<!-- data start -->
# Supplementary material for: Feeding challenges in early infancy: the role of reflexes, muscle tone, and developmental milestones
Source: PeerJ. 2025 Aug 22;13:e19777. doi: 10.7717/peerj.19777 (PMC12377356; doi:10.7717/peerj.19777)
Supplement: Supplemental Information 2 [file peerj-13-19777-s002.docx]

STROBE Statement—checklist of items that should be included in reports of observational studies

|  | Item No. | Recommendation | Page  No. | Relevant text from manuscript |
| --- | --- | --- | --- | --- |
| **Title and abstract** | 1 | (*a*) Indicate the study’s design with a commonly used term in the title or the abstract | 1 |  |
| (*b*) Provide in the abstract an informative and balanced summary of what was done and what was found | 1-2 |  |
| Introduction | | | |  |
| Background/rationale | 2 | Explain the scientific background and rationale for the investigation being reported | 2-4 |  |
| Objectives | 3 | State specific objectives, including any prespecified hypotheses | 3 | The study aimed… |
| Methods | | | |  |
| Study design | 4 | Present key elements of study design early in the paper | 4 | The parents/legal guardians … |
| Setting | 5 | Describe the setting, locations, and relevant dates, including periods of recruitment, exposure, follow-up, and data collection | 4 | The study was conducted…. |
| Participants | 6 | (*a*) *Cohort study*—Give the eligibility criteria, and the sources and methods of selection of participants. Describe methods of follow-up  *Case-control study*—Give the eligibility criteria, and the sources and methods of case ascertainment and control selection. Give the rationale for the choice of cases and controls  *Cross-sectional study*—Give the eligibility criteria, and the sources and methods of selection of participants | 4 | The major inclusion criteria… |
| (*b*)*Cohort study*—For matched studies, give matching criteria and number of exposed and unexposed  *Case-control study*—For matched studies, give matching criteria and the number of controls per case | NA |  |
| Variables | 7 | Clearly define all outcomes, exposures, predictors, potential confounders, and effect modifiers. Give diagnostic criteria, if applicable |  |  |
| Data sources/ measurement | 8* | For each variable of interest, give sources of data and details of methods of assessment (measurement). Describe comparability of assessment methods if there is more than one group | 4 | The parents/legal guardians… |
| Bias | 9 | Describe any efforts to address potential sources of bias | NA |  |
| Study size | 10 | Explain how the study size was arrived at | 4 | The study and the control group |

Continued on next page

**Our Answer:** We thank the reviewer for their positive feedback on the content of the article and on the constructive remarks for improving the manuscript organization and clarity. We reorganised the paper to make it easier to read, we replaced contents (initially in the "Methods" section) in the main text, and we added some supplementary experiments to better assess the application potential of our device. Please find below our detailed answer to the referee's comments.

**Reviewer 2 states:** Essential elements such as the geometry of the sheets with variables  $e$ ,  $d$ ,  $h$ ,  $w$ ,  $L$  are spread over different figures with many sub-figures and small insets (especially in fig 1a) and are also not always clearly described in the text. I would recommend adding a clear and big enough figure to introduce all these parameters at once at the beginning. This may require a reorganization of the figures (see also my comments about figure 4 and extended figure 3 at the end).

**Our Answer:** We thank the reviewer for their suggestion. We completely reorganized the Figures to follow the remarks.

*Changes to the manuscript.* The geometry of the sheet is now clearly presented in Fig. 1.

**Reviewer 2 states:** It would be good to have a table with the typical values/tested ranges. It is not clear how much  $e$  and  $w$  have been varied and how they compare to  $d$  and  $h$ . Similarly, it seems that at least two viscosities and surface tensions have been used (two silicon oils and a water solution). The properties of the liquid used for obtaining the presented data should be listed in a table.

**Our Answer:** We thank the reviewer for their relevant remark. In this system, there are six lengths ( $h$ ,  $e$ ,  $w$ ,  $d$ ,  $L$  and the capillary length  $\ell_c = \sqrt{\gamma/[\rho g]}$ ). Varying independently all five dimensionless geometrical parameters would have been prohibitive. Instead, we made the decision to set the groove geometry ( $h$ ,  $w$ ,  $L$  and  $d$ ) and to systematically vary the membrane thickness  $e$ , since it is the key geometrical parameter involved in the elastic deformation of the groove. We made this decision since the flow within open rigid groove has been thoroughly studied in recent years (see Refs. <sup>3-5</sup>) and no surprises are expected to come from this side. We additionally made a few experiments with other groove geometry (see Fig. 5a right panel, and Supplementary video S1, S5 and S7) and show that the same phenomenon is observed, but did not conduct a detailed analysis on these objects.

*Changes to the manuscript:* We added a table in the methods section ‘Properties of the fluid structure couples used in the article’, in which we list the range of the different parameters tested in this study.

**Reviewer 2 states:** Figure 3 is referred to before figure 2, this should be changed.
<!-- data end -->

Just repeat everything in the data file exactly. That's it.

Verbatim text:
# Supplementary material for: Feeding challenges in early infancy: the role of reflexes, muscle tone, and developmental milestones
Source: PeerJ. 2025 Aug 22;13:e19777. doi: 10.7717/peerj.19777 (PMC12377356; doi:10.7717/peerj.19777)
Supplement: Supplemental Information 2 [file peerj-13-19777-s002.docx]

STROBE Statement—checklist of items that should be included in reports of observational studies

|  | Item No. | Recommendation | Page  No. | Relevant text from manuscript |
| --- | --- | --- | --- | --- |
| **Title and abstract** | 1 | (*a*) Indicate the study’s design with a commonly used term in the title or the abstract | 1 |  |
| (*b*) Provide in the abstract an informative and balanced summary of what was done and what was found | 1-2 |  |
| Introduction | | | |  |
| Background/rationale | 2 | Explain the scientific background and rationale for the investigation being reported | 2-4 |  |
| Objectives | 3 | State specific objectives, including any prespecified hypotheses | 3 | The study aimed… |
| Methods | | | |  |
| Study design | 4 | Present key elements of study design early in the paper | 4 | The parents/legal guardians … |
| Setting | 5 | Describe the setting, locations, and relevant dates, including periods of recruitment, exposure, follow-up, and data collection | 4 | The study was conducted…. |
| Participants | 6 | (*a*) *Cohort study*—Give the eligibility criteria, and the sources and methods of selection of participants. Describe methods of follow-up  *Case-control study*—Give the eligibility criteria, and the sources and methods of case ascertainment and control selection. Give the rationale for the choice of cases and controls  *Cross-sectional study*—Give the eligibility criteria, and the sources and methods of selection of participants | 4 | The major inclusion criteria… |
| (*b*)*Cohort study*—For matched studies, give matching criteria and number of exposed and unexposed  *Case-control study*—For matched studies, give matching criteria and the number of controls per case | NA |  |
| Variables | 7 | Clearly define all outcomes, exposures, predictors, potential confounders, and effect modifiers. Give diagnostic criteria, if applicable |  |  |
| Data sources/ measurement | 8* | For each variable of interest, give sources of data and details of methods of assessment (measurement). Describe comparability of assessment methods if there is more than one group | 4 | The parents/legal guardians… |
| Bias | 9 | Describe any efforts to address potential sources of bias | NA |  |
| Study size | 10 | Explain how the study size was arrived at | 4 | The study and the control group |

Continued on next page

**Our Answer:** We thank the reviewer for their positive feedback on the content of the article and on the constructive remarks for improving the manuscript organization and clarity. We reorganised the paper to make it easier to read, we replaced contents (initially in the "Methods" section) in the main text, and we added some supplementary experiments to better assess the application potential of our device. Please find below our detailed answer to the referee's comments.

**Reviewer 2 states:** Essential elements such as the geometry of the sheets with variables  $e$ ,  $d$ ,  $h$ ,  $w$ ,  $L$  are spread over different figures with many sub-figures and small insets (especially in fig 1a) and are also not always clearly described in the text. I would recommend adding a clear and big enough figure to introduce all these parameters at once at the beginning. This may require a reorganization of the figures (see also my comments about figure 4 and extended figure 3 at the end).

**Our Answer:** We thank the reviewer for their suggestion. We completely reorganized the Figures to follow the remarks.

*Changes to the manuscript.* The geometry of the sheet is now clearly presented in Fig. 1.

**Reviewer 2 states:** It would be good to have a table with the typical values/tested ranges. It is not clear how much  $e$  and  $w$  have been varied and how they compare to  $d$  and  $h$ . Similarly, it seems that at least two viscosities and surface tensions have been used (two silicon oils and a water solution). The properties of the liquid used for obtaining the presented data should be listed in a table.

**Our Answer:** We thank the reviewer for their relevant remark. In this system, there are six lengths ( $h$ ,  $e$ ,  $w$ ,  $d$ ,  $L$  and the capillary length  $\ell_c = \sqrt{\gamma/[\rho g]}$ ). Varying independently all five dimensionless geometrical parameters would have been prohibitive. Instead, we made the decision to set the groove geometry ( $h$ ,  $w$ ,  $L$  and  $d$ ) and to systematically vary the membrane thickness  $e$ , since it is the key geometrical parameter involved in the elastic deformation of the groove. We made this decision since the flow within open rigid groove has been thoroughly studied in recent years (see Refs. <sup>3-5</sup>) and no surprises are expected to come from this side. We additionally made a few experiments with other groove geometry (see Fig. 5a right panel, and Supplementary video S1, S5 and S7) and show that the same phenomenon is observed, but did not conduct a detailed analysis on these objects.

*Changes to the manuscript:* We added a table in the methods section ‘Properties of the fluid structure couples used in the article’, in which we list the range of the different parameters tested in this study.

**Reviewer 2 states:** Figure 3 is referred to before figure 2, this should be changed.